• 3 min read

Windows Azure Websites online tools you should know about

If you like getting up-close and personal with managing your computing resources, you’ll be happy to know that your Windows Azure Web Sites comes with some useful online tools that let you do some…

If you like getting up-close and personal with managing your computing resources, you’ll be happy to know that your Windows Azure Web Sites comes with some useful online tools that let you do some really cool things with it. These tools are part of your site’s Kudu dashboard, also known as the SCM (Site Control Management) dashboard, and today we’ll see what these tools are.

To get to the Kudu dashboard, simply browse using your favorite internet browser to https://{site name}.scm.azurewebsites.net (in other words, add .scm in front of the site name).

Once you enter your Microsoft account credentials (unless already signed-in), you reach the Kudu dashboard of your site. Previously, this was only used for the Git deployment feature of WAWS, but now the dashboard contains several tools you can use to manage, monitor and debug your site.

NOTE: Kudu is actually an open-source project and you can see its sources on GitHub, including some more wikis and the opportunity to open issues regarding bugs or new features you want to see.

Kudu Dashboard Home

On the dashboard home, you can see the current build version (of kudu) and at the top you’ll see links to the different tool pages. Under REST API you’ll get links to the REST APIs that Kudu exposes:


NOTE: Since the return value for the REST APIs is in json, you can use add-on tools such asJSONView for Chrome, which lets you browse through the APIs easily


The environment page can help you see what your website “sees” in terms of the current environment it’s running on. This includes general system information, app settings, environment variables, path, http headers and server variables:


NOTE: While there is a connections strings section, it may not be exactly what your site sees as connection strings.

Debug Console

This is the crème of the crop in terms of usefulness for your Azure website. The debug console page actually contains 2 useful tools:

  1. File explorer for your site, where you can view your site’s content, download files (or full folders), delete files (or folders), edit files and even upload files using drag and drop. When you download a folder via the file explorer, it’s delivered to you as a ZIP file containing the entire folder structure.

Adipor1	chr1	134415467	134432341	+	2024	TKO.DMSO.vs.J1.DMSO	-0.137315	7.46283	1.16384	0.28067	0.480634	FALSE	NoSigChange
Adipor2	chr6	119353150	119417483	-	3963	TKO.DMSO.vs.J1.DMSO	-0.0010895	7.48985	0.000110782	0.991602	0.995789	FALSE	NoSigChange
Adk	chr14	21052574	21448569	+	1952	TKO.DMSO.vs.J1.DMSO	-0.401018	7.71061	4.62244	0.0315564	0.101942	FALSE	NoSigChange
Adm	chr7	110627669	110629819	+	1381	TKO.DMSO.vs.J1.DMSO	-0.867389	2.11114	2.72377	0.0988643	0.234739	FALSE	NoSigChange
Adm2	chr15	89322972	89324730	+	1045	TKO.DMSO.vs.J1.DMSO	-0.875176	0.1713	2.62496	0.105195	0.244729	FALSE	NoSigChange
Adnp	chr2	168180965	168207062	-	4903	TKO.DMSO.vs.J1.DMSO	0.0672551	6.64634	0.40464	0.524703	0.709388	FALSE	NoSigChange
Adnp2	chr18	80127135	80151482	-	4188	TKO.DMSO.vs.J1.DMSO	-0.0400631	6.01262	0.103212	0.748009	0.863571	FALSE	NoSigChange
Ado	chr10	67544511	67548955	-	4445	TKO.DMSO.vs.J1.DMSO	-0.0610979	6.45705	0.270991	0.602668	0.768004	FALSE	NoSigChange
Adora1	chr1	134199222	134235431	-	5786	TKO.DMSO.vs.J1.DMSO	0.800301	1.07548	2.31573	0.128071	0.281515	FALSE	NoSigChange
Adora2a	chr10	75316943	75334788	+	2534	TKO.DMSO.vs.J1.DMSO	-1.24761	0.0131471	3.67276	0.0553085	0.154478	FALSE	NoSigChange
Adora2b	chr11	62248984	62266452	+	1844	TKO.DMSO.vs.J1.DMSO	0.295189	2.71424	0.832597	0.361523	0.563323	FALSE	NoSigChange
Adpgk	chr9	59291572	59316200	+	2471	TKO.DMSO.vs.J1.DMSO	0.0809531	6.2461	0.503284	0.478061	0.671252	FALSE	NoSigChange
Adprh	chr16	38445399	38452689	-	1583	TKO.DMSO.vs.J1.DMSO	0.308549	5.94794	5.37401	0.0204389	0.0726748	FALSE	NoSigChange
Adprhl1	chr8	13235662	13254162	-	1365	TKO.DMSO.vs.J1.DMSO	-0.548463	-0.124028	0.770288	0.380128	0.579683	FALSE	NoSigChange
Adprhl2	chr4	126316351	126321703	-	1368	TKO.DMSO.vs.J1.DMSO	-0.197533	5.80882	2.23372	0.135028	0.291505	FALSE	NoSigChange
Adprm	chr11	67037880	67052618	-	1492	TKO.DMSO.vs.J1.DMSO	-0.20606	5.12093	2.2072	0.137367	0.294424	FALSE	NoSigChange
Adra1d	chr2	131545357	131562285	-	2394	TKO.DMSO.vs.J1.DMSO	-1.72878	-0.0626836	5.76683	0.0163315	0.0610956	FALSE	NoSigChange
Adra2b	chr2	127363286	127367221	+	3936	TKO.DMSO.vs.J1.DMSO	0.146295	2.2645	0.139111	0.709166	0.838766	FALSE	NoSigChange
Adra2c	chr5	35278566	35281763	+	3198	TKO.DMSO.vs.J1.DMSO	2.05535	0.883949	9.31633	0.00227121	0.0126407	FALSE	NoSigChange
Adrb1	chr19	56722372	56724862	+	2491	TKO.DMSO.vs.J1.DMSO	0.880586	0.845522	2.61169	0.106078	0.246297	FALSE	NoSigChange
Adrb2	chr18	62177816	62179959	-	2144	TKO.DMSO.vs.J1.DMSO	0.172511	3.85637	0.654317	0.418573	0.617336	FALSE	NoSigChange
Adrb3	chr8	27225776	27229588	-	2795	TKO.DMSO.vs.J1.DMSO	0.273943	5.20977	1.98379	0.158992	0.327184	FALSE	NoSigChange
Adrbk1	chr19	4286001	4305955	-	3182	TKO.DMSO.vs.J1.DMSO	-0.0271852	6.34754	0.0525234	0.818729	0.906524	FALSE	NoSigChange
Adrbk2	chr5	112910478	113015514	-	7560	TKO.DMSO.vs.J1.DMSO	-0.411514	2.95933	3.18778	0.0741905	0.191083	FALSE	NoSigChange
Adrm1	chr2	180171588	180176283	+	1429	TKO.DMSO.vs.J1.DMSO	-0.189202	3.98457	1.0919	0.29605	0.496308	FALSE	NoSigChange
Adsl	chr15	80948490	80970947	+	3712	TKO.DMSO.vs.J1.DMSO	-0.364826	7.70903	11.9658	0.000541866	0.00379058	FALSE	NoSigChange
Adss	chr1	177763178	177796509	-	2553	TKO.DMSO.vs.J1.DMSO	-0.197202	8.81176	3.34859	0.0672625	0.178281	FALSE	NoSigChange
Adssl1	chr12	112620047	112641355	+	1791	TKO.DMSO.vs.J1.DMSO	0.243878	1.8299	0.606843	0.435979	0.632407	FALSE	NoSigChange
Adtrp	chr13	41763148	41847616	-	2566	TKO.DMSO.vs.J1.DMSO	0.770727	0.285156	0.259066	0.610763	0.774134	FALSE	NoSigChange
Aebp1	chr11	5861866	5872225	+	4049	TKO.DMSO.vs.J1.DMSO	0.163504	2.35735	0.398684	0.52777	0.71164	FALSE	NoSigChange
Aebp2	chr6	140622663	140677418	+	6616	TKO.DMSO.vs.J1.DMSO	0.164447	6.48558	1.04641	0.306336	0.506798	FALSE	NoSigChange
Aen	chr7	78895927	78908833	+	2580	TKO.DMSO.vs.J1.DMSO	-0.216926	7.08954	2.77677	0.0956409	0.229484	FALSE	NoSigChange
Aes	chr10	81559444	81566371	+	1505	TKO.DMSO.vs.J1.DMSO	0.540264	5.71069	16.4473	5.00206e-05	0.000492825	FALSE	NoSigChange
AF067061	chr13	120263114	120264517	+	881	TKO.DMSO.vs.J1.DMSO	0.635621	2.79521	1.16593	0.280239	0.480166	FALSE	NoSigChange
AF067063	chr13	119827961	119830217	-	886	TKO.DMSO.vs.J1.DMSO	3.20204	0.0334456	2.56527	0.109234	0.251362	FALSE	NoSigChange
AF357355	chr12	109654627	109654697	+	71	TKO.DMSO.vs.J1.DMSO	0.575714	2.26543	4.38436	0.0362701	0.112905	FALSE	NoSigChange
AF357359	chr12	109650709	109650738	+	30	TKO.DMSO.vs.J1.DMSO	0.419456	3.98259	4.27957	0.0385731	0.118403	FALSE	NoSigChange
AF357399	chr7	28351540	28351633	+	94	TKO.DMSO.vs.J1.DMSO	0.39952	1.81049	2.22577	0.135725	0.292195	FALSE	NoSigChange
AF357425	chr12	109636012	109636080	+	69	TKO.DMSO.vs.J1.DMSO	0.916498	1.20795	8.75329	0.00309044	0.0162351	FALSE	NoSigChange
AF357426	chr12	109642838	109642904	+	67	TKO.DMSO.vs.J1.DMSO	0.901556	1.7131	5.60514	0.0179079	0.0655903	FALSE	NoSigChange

2. Remote terminal to your site, which allows you to run commands that will run on your site in a cmd.exe process. For example, you can run command ranging from a simple ones likedir or cd to advanced ones like Git clean and npm/nuget install. The terminal allows you to get a better understanding of the limitations of the sandbox (inside which your website is running).  Note that the “current directory” is synced between the file explorer and the terminal for ease of use.

For additional information about the debug terminal, and other Kudu related info, visit my blog.

Diagnostics dump

The diagnostic dump is a link that will generate a ZIP file containing some of your site’s logs, which can help investigate issues. In fact, Microsoft support might even request you to generate such a dump when looking into issues related to deployment options such as Git and Dropbox.

Log stream

Clicking on the Log stream link will seem like it didn’t do anything, but in fact it starts a listener on your LogFiles directory, so any logs written there will show up. Naturally, if your site is completely idle, nothing would happen, but if it is active, log lines will start showing up once the log buffer fills up:

NOTE: Clicking this link will also enable your application logs persistence to the file system (in Error mode) for a period of 12 hours. This can be turned off from the Azure portal.

Web Hooks

Web hooks are a Pub/Sub mechanism where you can publish an event and all subscribers to that event will get it. Currently only one type of event is supported, and this is the Post Deploymentevent. Post Deployment is invoked by Kudu whenever a Git (or Dropbox/Mercurial) deployment is performed (whether it was successful or failed):

We currently use this capability by integrating with a service called Zapier, which allows a user to subscribe to this event and in response invoke many types of actions (for example, send an email, call a phone number, send a tweet and more). More information can be found in this post.

In closing, the Kudu dashboard is one of the most powerful and versatile extensions to Azure Web Sites, and give you a lot of control over your site. We hope you take advantage of these on your way to a productive and successful deployment!